observed; one by which ^for instance a man [humi?] marries the woman Butha whome he describes as the "tabular wife", the other by which he can marry Ipatha. The former ^I must explain is the "old time rule" and ['carried out' crossed out] is ['was' crossed out] the [...ue] of the exogamous character of the division of the tribe, first into two moieties, and then into four. This ['will be may be found' crossed out] is ['seen' crossed out] described in my Native Tribes p. p.
Mr Mathews, although he refers to my Native Tribe has ['omitted to say' crossed out] overlooked ['the' crossed out] what I ['say' crossed out] quote at p. ['27' crossed out] 207 a saying in the Kamilaror tribes of the [Gryd..] River ^1890-3 that "a Diebi could not marry a Diebi nor a Kupathin a Kupathin".
Mr Mathews statement that "the men of any and every given section, taken collectively can marry into the whole form sections of women set down in Table II" (p 86). Assuming that Mr Mathews is correct, then the practice to which he refers, did not exist twenty five years ago when the [........] saying was in force.
As to the tribes of Western Victoria there is the [......] Mr Mathews also mentions the rules of marriage, one which he says is the "normal" or "tabular custom" and the other "the irregular custom of a gamatch marrying a gamatchgroup. ['He then remarks' crossed out]
[Left margin:] The rule which forbad Murri from marrying in his own class Diebi was [.......ed] in the subclass of Kupathin so that he could not marry a Butha woman whose children [......] [... in her] sub class but to the [f.....] sub class If [.......] [.......] [.......] Butha [........] Kupathin
In the above passages about the rules of marriage, Mr Mathews might ^I think have seen that the one which he terms "the normal or direct" ['and' crossed out] rule of the Kurnu, and the "normal or tabular" custom of the tribes of western Victoria, is the old exogamous rule of marriage which ['the' crossed out] investigators from Ridly down to Spencer & [gillen?] and [.......] have ['described' crossed out] found in one form ['and' crossed out] or another in all tribes: the second rule which Mr mathews [relie?] upon to ['show that' crossed out] to "disprove the Existence of exogamy" in Australian Tribes is ['a new' crossed out] an innovation introduced ['in' crossed out] ['comparably recent times' crossed out] since the advent of the white race.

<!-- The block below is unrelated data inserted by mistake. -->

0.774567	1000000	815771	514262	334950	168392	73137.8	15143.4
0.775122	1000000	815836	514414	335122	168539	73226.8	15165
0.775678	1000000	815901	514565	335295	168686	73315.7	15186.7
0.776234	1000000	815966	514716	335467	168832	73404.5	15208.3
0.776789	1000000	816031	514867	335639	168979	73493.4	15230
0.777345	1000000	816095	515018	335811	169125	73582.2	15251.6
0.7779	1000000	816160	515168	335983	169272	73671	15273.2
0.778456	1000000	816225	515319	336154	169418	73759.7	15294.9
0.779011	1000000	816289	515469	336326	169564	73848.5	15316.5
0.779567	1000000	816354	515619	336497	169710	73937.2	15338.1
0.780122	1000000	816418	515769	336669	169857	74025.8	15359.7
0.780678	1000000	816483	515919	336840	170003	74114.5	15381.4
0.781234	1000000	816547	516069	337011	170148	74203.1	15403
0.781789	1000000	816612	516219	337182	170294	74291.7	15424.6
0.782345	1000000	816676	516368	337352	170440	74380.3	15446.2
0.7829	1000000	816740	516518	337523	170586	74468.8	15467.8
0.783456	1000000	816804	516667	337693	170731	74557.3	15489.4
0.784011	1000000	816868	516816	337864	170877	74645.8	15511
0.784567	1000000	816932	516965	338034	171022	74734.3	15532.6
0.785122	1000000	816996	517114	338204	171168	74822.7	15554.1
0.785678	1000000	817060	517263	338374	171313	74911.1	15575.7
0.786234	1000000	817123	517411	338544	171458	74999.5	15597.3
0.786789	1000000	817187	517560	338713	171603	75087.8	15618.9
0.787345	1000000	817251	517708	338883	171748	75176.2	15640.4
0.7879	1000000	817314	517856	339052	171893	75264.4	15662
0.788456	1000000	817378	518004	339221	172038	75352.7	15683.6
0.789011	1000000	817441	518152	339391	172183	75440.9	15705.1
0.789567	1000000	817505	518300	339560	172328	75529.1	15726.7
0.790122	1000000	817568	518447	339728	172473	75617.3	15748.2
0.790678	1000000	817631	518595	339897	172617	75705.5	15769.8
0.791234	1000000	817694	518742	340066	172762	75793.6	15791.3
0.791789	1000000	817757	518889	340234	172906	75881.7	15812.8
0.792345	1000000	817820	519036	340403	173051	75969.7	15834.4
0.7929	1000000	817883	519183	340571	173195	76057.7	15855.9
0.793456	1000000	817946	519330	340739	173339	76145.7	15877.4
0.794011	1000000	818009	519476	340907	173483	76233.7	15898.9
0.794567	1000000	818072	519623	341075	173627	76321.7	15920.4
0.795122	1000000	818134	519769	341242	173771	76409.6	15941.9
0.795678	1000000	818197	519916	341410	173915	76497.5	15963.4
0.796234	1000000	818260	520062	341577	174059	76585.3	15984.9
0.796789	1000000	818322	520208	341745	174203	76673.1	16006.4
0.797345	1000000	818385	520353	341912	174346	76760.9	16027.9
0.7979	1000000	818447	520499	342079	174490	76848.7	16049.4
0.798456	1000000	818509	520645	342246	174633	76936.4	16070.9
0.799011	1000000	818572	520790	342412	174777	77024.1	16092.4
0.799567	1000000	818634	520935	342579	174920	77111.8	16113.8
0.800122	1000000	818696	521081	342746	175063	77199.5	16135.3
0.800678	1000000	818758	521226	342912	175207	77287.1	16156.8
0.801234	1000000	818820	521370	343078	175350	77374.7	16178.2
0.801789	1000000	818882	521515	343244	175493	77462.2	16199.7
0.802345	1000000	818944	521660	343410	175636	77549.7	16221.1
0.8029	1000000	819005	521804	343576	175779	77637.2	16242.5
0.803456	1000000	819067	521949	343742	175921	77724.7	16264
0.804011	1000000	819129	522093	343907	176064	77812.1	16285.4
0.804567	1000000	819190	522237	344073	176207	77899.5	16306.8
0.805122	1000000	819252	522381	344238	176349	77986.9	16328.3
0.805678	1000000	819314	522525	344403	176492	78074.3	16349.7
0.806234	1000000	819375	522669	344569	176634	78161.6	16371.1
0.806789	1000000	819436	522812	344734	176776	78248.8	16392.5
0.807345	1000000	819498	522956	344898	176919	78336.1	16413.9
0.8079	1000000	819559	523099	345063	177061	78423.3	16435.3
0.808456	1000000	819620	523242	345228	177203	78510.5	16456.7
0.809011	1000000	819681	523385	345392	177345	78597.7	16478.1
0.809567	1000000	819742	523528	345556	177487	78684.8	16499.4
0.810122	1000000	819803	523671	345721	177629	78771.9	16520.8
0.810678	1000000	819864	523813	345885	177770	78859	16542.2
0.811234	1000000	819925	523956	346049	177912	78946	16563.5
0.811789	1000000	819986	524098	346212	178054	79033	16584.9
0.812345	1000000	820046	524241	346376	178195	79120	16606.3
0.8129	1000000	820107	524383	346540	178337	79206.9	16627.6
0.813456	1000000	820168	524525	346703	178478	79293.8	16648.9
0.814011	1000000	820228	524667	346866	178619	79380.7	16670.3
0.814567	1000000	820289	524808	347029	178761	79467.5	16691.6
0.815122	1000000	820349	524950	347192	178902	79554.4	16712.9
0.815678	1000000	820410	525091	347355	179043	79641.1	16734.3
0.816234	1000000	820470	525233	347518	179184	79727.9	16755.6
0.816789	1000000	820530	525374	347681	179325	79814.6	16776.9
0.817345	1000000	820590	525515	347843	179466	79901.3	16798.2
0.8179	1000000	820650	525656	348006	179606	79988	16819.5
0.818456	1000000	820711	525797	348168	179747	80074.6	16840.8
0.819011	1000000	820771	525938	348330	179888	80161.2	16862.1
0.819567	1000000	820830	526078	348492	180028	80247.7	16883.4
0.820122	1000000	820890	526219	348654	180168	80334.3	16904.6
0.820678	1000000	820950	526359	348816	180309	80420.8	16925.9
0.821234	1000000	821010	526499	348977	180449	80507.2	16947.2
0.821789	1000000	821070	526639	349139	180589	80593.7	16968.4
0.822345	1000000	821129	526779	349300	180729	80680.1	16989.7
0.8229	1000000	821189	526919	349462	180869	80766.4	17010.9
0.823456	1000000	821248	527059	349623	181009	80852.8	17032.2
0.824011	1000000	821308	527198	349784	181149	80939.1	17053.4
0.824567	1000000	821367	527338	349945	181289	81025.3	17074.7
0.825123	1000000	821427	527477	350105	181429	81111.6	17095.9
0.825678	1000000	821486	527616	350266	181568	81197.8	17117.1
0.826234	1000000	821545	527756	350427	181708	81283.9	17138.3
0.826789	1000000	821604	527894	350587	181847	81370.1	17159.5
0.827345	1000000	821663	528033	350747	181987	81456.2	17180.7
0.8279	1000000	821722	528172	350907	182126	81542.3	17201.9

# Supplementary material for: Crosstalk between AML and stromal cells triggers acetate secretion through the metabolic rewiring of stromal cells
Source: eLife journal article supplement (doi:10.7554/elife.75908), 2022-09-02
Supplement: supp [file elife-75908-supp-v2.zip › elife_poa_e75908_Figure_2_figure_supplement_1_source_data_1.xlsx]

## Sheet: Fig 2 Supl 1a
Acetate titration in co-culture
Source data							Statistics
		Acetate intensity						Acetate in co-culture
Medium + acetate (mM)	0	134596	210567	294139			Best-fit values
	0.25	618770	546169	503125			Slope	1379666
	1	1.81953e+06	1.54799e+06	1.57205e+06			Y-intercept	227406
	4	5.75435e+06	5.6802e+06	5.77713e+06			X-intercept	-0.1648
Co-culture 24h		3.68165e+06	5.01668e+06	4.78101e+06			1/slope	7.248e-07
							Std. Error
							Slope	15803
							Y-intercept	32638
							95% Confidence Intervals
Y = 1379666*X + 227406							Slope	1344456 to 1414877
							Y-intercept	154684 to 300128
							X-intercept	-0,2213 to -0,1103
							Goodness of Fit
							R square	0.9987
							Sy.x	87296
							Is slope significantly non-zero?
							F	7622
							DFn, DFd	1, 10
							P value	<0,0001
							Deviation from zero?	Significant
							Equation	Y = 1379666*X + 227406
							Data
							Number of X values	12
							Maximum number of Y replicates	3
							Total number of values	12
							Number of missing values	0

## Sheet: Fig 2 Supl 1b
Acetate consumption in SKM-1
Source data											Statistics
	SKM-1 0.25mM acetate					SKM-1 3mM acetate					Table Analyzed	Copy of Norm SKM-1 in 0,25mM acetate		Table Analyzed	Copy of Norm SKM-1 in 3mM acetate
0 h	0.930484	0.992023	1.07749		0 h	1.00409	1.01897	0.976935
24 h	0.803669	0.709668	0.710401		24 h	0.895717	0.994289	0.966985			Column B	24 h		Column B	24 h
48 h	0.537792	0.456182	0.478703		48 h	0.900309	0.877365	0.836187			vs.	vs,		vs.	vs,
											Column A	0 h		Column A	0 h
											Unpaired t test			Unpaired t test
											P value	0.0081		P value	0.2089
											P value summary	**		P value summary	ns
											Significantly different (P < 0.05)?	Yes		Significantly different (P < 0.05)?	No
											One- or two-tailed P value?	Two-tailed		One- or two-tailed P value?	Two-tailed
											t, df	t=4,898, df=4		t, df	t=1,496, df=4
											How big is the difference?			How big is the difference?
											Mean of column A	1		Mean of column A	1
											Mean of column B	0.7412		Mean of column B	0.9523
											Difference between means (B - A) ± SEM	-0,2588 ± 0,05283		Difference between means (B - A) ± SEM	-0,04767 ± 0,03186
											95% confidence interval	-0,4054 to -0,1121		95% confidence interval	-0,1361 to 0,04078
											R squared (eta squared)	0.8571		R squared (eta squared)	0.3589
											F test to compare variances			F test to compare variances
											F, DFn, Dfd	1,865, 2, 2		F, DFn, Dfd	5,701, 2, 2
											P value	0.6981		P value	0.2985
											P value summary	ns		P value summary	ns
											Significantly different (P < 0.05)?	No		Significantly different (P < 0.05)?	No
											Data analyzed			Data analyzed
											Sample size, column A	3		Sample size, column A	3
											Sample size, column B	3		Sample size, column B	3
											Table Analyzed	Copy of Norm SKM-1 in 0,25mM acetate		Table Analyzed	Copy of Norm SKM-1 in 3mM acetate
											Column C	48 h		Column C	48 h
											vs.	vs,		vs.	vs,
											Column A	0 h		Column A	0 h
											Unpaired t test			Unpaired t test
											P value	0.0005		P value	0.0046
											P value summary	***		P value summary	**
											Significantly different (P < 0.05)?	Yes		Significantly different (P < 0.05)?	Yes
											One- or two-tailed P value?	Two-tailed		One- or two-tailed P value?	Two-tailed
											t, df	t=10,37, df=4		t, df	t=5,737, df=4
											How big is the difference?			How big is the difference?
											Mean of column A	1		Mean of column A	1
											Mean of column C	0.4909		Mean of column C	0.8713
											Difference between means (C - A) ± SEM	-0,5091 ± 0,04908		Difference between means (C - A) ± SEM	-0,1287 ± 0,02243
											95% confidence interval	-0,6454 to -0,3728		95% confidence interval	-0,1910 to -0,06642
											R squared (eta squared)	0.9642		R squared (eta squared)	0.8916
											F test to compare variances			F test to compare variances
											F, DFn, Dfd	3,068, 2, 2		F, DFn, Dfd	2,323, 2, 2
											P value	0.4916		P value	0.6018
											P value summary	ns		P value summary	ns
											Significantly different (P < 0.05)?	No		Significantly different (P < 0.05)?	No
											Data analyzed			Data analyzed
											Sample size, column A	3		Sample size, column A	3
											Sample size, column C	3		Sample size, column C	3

['I shall now' crossed out] Before showing what the facts are, upon which this [subject?] is grounded ^rests, ['but But' crossed out] I must first ['show' crossed out] demonstrate what the position was, from a "marriage rule" point of view
If an aborigine in the old times.
I take the case of a ['man' crossed out] man of one of the Kamilaror tribes having the [.........] of the ['speaking' crossed out] tribes, for the reason that some evidence which I shall adduce comes from the Merranari tribe which ^is or rather was the next neighbour to the "Kurnu tribe" in the Darling River.
To make ['it clear' crossed out] this clear I must ['commence' crossed out] begin by showing ['briefly what the social organisation' crossed out] how of ['the' crossed out] a tribe ['belonging to the Kamilaror nati' crossed out] ['which had' crossed out] similar to the Kamilaror has organised in ['what' crossed out] Classes and subclasses what Mr Mathews terms phratrie and sections.
The social organisation of the tribe
|A Kupathin.||Thai (a) Kumbo (b)|
|B Diebi.||Muni (c) Kubbi (d)|
The diagram showing the ['marriage' crossed out] rules of marriage and descent are follows: (1)
(1) m. A a f. B c m & f. B c
(2) m. A b f. B. c m & f. B d
(3) m. B. c f. A b m & f. A a
(4) m. B d f. A c m & f. A b
In these diagrams "m" means "male", and "f" means "female".
Take a man who is Kupathin-Ipai, that is m. A a of diagram (1) as an example of the [working?] of the old rule; his lawful wife must be a woman who is a Diebi=Kubbitha that is f B d, and their children would be Kuppathin-Murri- and matha, that is m & f B c.